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The Wire In SPACE: The Fuse #4

The Wire In SPACE: The Fuse #4

Things are both coming together and falling apart for detectives Klem and Dietrich as another murder is added to the case.




In the latest issue of The Fuse, written by Antony Johnston with art by Justin Greenwood, colors by Shari Chankamma and letters by Ed Brisson, we jump right into the investigation of yet another murder as Klem (who has obviously seen Blade Runner) and Dietrich comb Birch's apartment for clues. While the evidence points to a clean and clear case of suicide, Klem isn't sold. She has Dietrich do some digging on the employees at the mayor's office, she meets up with Leo, the mayor's campaign manager and (surprise twist) her son. They hash out some family drama thinly veiled as work related conversation which ends with Leo declaring his allegiance to his career choice and the mayor, and Klem literally hanging her head in shame. Meanwhile, we learn a little bit more about the FLF, the history of the Fuse, and Dietrich's multi-tasking skills. Klem returns to the office, her intuition is proven correct and the killer is one step closer to being caught. But Dietrich makes the mistake of not listening to Klem's advice from the past few issues, and it could mean he's in for a very bad night. 
 
The characterization in this issue has to be its highest point. Everybody has a history and motivations that make them feel like real breathing people. Johnston does a spectacular job of giving each of the characters individual voices that bounce off one another in organic and entertaining ways. The partnership of Dietrich and Klem probably best encapsulates this. Their relationship is nothing new. Klem is the hardened vet cop and Dietrich is the rookie who has to learn how “things are done differently here”. It's cliché, sure, but Johnston makes it enjoyable. Justin Greenwood is equally responsible with his excellent work on faces. Klem has the lines of someone who has seen some serious shit. She's also so stoic and scowly she almost comes across as uncaring. But Johnston proves that theory wrong with his dialogue. A great bit happens when she's having coffee with Leo in the park. He makes a remark about how his job is better than if he were selling drugs down by the grav tanks. They have a quick back and forth and then, still scowling, with a raised eyebrow, she asks how he knows where the drug dealers hang out. It's a great moment of her being both a mother and a detective that shows she isn't entirely made of one mindset (similar though they may be). Similarly, Dietrich is drawn with such a fresh face that practically shouts newbie cop. He doesn't have the same worry lines that Yuri, Rocky, and Jenn have. He's new and inexperienced. He also maintains a level of otherness with his repeated use of his native German. It's only the occasional word or two, but it effectively keeps him on the outskirts of both the characters and the city. He's not familiar with the way things work here, and, though he's trying his best to learn, he's also a bit defiant in his methods. This is what leads him down the ducts to the cablers and possibly to a world of hurt.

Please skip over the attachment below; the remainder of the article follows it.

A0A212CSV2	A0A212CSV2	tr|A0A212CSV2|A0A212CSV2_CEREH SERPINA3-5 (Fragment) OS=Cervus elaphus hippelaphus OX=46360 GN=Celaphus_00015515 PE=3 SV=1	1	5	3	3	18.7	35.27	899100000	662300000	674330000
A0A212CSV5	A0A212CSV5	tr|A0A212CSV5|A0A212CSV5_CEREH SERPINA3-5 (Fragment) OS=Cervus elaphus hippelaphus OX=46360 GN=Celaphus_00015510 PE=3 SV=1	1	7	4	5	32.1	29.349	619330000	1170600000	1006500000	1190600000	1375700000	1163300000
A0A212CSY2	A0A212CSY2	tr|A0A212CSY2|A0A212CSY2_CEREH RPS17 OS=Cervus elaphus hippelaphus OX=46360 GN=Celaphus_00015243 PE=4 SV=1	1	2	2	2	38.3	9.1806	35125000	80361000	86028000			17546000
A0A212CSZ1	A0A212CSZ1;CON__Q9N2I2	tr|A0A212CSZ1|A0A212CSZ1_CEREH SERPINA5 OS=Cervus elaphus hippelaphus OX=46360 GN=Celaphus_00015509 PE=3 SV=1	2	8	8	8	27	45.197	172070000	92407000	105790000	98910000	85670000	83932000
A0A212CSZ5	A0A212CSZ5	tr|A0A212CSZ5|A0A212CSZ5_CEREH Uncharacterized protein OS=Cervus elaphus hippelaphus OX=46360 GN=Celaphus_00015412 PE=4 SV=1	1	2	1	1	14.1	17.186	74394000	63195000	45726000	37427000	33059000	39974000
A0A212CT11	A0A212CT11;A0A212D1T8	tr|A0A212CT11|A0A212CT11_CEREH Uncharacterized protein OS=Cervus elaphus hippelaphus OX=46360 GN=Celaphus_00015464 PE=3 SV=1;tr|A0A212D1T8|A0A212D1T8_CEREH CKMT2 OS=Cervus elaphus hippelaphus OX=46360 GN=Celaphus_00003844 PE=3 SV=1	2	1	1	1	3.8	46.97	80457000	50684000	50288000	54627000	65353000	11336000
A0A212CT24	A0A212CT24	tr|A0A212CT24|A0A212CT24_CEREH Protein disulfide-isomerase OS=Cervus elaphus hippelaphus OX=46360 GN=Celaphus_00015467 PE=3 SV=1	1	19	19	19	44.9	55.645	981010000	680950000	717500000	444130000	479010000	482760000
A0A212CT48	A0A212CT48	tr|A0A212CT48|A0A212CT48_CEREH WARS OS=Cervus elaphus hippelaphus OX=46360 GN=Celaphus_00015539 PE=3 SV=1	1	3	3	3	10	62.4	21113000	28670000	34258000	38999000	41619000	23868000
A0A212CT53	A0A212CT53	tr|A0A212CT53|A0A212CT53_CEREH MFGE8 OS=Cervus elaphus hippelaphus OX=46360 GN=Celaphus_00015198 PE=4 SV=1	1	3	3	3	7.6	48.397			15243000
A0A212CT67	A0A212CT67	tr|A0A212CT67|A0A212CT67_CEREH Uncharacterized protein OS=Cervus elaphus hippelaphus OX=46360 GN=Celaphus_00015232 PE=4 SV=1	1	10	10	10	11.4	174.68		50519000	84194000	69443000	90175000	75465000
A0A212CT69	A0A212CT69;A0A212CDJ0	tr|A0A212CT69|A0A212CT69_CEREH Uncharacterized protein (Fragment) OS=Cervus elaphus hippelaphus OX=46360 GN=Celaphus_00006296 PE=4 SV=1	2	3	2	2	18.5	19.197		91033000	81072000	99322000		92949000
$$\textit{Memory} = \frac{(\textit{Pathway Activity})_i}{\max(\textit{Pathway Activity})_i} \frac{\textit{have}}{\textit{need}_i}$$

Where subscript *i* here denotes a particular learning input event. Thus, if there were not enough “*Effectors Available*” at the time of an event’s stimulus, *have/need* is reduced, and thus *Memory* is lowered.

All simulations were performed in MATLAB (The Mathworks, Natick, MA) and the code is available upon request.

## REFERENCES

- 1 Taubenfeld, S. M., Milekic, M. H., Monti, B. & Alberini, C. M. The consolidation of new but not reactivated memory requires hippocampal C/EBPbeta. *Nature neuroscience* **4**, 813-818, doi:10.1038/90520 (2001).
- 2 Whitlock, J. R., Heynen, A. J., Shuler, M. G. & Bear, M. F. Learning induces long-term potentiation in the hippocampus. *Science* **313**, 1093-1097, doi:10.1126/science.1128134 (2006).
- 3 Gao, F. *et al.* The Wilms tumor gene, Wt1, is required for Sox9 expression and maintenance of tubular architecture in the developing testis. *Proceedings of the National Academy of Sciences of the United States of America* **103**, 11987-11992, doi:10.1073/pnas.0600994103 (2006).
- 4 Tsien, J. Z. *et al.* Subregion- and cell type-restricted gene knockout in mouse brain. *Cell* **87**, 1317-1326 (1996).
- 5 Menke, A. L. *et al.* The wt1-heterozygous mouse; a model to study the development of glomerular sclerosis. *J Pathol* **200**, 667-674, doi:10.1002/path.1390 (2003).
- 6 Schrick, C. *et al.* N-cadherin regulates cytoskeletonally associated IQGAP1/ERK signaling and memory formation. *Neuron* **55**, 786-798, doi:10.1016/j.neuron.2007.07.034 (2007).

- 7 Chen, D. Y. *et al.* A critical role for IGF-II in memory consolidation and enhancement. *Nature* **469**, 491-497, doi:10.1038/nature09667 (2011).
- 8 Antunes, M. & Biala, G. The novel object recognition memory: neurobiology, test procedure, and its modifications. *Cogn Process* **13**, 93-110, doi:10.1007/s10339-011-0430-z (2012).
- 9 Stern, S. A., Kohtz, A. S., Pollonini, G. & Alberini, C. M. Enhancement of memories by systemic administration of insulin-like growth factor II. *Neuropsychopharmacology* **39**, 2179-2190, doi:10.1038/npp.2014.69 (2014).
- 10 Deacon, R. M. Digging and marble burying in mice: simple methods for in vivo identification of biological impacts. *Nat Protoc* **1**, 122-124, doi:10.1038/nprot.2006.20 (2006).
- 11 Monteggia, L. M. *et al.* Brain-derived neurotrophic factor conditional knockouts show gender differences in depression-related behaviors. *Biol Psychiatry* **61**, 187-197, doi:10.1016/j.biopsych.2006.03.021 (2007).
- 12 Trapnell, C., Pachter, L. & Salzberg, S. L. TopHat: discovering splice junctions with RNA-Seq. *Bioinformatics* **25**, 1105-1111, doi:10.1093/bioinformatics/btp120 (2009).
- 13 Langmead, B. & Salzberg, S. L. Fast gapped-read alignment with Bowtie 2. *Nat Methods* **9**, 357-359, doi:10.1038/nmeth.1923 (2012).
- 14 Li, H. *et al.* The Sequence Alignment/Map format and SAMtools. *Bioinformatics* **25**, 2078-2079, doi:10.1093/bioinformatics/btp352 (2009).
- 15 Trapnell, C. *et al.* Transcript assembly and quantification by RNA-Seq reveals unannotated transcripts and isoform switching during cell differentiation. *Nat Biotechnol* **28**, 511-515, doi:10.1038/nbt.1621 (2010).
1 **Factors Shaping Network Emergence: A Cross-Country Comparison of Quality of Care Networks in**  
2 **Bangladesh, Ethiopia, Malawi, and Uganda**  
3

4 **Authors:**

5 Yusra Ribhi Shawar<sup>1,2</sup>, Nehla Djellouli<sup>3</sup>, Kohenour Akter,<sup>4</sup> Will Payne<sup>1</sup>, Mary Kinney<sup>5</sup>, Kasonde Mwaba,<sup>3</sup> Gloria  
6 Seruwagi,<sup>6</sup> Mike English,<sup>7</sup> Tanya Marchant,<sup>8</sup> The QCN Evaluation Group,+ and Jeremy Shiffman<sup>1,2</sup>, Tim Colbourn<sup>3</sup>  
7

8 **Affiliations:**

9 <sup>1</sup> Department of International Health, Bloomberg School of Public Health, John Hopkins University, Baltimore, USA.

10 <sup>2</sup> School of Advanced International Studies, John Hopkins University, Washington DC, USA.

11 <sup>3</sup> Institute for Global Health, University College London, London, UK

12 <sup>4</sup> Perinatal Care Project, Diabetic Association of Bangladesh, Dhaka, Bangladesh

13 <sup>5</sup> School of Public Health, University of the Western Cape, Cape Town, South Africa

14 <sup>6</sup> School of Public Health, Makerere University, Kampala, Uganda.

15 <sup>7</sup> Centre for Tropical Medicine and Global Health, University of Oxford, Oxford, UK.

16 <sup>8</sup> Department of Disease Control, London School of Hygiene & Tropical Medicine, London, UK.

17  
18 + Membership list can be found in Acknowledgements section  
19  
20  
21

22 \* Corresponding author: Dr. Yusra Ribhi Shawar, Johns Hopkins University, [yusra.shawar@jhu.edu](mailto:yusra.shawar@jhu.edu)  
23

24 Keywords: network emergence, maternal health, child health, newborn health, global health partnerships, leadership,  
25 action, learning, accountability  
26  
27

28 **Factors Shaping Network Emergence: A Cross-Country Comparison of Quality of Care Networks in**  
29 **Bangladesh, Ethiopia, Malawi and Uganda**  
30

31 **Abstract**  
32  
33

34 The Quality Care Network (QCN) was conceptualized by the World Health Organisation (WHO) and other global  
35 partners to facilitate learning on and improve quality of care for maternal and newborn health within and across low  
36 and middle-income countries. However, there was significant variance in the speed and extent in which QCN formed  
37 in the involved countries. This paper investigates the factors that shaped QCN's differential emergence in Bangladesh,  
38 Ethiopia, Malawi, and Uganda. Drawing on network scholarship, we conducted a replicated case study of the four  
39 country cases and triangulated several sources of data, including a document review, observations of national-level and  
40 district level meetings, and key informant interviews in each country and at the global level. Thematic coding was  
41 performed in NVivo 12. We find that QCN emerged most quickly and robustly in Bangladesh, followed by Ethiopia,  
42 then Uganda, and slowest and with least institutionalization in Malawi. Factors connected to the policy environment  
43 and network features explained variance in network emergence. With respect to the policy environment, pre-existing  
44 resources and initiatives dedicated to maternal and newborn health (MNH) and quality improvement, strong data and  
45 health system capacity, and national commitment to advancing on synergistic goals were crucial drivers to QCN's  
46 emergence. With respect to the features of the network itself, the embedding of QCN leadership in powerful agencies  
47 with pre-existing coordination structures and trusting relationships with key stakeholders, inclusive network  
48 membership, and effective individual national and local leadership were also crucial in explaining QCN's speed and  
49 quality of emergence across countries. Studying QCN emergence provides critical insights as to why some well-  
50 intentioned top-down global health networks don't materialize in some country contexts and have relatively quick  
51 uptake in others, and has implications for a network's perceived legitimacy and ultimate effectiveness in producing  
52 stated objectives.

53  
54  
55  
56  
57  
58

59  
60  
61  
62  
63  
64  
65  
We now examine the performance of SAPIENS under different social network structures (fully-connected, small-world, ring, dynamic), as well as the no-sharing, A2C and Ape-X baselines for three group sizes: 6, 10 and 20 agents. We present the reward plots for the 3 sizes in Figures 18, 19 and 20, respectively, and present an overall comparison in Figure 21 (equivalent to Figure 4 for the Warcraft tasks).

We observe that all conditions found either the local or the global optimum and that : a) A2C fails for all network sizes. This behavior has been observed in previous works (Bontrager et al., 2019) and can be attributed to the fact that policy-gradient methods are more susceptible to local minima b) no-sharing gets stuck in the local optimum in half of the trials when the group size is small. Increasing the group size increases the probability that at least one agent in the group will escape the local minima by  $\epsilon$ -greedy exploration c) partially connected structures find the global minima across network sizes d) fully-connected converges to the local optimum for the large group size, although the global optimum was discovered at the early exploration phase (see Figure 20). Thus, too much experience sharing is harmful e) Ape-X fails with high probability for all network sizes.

The world of Midway is just as vibrant as its inhabitants. Greenwood gives the background such an immense amount of detail while maintaining a simplicity that keeps the reader in the action. Things are both futuristic and relatable (At one point I'm pretty sure Dietrich is just using an iPad). The park scene is, again, a great example of this as well. The scene is of a mother and son getting coffee in the park. The bushes and trees and other people make the scene feel so real that it's easy to forget that it takes place on an orbiting space station. The ceiling of the park and the tube that runs through the panel reminds us of the setting but don't take away any of the verisimilitude. The simplicity of all of the offices that a good chunk of the story takes place in helps as well. The introduction of locations through subtitles is a nice touch for providing a sense of the familiar á la Law & Order. It also works to remind the reader of the hierarchy of the levels of Midway. Though we don't travel too far in this issue, it's interesting to note where certain things are located in relation to one another. Like how the Medical Examiner's office is located three levels away from the actual police precinct (as well as the park and the mayor's office). Chankamma's colors are another aspect that give the world a familiar and genuine feel. The way she uses shadows to give panels greater depth is amazing. Nothing feels flat, not even things in the far background. There's a great depth of field at play here that conflicts with just how confined everything really is. It once again makes it easy to forget that this all takes place on a space station. When Dietrich goes into the tunnels (and becomes even more confined), Chankamma's shadow work oozes with a sense of tension. But the panels are so beautiful it almost catches you off guard when the expected happens. 
 
The police procedural is nothing new to the world of comics, but The Fuse definitely stakes its claim as one of the more interesting. Both the setting and the characterization provide a great ride down familiar territory that feels fresh and exciting. Klem and Dietrich are an Unlikely Partnership that I would love to see solve case after case after case. The rest of the supporting cast all stand their own ground as individuals that make up a lush backdrop for giving this science fiction world a dose of realism. The case doesn't seem any closer to being solved, but it also doesn't need to be. Not yet anyway. For now, the focus on the characters and the background of Midway are enough to keep the story going strong. Wherever the series is going, it's in the right direction and I can't wait for more. 




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